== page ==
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This Week In Security: Vulnerable Boxes, Government Responses, And New Tools

The Cyclops Blink botnet is thought to be the work of an Advanced Persistent Threat (APT) from Russia, and seems to be limited to Watchguard and Asus devices. The normal three and four letter agencies publicized their findings back in February, and urged everyone with potentially vulnerable devices to go through the steps to verify and disinfect them if needed. About a month later, in March, over half the botnet was still online and functioning, so law enforcement took a drastic step to disrupt the network. After reverse-engineering the malware itself, and getting a judge to sign off on the plan, the FBI remotely broke in to 13 of the Watchguard devices that were working as Command and Control nodes. They disinfected those nodes and closed the vulnerable ports, effectively knocking a very large chunk of the botnet offline.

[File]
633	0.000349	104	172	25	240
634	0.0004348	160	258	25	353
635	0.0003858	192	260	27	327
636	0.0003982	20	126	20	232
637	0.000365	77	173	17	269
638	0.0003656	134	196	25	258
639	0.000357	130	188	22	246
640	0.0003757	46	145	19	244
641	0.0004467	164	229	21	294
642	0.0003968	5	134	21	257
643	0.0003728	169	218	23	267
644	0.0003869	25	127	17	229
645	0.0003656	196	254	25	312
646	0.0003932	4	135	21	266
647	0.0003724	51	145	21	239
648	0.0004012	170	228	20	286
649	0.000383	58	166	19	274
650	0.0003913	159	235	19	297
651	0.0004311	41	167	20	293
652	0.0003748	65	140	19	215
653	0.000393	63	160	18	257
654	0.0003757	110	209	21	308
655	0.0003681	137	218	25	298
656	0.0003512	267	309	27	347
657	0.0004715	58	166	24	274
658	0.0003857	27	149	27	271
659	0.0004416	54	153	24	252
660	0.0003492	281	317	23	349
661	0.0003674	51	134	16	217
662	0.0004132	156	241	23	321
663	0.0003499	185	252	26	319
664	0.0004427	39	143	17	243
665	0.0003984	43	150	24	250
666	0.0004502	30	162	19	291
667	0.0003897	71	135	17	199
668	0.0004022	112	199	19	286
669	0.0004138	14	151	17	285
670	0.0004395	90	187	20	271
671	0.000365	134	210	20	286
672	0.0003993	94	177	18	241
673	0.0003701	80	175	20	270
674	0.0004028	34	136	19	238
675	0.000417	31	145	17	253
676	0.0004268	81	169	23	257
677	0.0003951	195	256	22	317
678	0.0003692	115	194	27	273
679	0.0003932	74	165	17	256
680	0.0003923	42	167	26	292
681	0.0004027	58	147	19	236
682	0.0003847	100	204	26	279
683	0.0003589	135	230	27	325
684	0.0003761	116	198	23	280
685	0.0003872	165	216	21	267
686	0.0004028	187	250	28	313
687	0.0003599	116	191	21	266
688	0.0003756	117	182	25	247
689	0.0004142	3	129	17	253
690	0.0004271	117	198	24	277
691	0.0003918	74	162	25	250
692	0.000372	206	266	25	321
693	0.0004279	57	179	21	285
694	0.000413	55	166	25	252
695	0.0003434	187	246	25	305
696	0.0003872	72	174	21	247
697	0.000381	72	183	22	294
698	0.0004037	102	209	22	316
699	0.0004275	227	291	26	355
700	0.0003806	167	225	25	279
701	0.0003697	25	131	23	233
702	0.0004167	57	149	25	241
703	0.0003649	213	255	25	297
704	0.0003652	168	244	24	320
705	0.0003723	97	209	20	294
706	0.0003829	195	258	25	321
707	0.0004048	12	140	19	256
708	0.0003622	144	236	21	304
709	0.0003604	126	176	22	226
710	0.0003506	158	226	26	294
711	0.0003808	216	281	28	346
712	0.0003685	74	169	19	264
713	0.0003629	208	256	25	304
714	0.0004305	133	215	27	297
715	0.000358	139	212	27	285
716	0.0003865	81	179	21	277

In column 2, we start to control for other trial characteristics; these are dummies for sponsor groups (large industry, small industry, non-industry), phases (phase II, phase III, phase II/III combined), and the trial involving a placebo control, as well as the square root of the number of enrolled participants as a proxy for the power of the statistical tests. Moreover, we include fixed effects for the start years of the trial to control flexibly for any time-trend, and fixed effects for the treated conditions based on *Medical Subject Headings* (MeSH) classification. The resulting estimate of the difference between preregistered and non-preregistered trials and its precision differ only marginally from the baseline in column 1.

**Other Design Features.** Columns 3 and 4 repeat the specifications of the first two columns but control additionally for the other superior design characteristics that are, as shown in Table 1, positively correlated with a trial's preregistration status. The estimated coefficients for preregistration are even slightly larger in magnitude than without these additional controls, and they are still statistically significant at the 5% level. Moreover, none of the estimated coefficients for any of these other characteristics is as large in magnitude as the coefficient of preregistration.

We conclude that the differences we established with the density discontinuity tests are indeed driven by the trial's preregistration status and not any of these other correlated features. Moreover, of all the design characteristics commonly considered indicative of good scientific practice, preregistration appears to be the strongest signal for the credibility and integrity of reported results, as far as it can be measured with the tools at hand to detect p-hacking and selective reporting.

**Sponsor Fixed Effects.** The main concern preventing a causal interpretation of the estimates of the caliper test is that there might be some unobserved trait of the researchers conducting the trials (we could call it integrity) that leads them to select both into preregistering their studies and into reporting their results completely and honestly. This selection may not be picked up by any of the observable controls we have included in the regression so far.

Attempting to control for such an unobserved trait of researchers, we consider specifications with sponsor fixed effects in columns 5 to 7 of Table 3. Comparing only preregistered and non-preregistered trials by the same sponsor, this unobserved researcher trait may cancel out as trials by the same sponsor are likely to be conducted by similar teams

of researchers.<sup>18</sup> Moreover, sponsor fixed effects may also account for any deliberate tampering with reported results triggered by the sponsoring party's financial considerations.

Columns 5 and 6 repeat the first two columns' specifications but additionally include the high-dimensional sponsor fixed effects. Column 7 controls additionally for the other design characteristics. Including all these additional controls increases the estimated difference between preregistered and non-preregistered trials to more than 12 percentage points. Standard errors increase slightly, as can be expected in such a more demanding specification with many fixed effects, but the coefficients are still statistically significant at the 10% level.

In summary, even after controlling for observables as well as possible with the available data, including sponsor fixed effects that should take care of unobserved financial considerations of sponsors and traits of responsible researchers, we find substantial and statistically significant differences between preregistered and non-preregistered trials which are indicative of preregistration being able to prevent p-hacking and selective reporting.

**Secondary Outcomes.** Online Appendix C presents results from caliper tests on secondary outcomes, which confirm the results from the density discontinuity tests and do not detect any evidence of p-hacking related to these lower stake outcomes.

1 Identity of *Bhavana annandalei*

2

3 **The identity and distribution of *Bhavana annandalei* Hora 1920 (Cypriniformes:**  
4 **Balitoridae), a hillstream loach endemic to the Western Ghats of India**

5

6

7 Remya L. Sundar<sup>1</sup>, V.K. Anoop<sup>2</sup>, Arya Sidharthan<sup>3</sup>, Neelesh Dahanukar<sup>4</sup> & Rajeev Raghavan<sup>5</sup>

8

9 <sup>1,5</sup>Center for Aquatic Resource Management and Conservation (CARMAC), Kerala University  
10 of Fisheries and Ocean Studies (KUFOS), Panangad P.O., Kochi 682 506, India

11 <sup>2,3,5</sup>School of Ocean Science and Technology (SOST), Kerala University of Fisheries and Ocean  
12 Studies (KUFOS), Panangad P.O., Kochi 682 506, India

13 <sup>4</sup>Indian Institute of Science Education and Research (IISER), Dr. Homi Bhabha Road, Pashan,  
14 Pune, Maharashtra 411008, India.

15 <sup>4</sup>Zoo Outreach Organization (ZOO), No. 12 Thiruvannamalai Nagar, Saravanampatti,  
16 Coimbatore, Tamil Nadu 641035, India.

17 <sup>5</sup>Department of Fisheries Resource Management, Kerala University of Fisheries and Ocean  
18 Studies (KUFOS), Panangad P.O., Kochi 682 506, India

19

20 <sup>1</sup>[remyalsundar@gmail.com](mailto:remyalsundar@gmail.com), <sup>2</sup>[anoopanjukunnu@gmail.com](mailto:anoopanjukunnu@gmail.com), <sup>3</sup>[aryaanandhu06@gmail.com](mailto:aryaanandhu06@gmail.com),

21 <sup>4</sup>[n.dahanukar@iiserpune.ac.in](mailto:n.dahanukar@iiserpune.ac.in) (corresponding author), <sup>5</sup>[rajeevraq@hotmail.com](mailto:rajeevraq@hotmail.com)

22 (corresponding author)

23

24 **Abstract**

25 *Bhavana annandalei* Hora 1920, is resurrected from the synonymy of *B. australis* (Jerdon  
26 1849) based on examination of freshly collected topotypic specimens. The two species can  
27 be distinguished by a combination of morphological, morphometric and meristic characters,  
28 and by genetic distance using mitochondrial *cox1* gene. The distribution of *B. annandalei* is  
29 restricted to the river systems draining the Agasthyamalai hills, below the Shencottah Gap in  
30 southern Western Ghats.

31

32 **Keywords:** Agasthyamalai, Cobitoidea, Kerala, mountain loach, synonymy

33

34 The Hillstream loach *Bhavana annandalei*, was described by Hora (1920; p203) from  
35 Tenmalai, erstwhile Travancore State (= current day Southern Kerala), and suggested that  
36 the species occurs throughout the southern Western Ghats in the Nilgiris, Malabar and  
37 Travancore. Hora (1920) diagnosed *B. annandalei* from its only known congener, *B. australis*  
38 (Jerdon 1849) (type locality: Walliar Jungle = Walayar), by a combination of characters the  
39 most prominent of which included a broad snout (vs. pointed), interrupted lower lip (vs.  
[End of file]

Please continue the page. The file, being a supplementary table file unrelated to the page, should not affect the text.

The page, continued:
The vulnerability in WatchGuard devices that facilitated the Botnet was CVE-2022-23176, a problem where an “exposed management access” allowed unprivileged users administrative access to the system. That vague description sounds like either a debugging interface that was accidentally included in production, or a flaw in the permission logic. Regardless, the problem was fixed in a May 2021 update, but not fully disclosed. Attackers apparently reversed engineered the fix, and used it to infect and form the botnet. The FBI informed WatchGuard in November 2021 that about 1% of their devices had been compromised. It took until February to publish remediation steps and get a CVE for the flaw.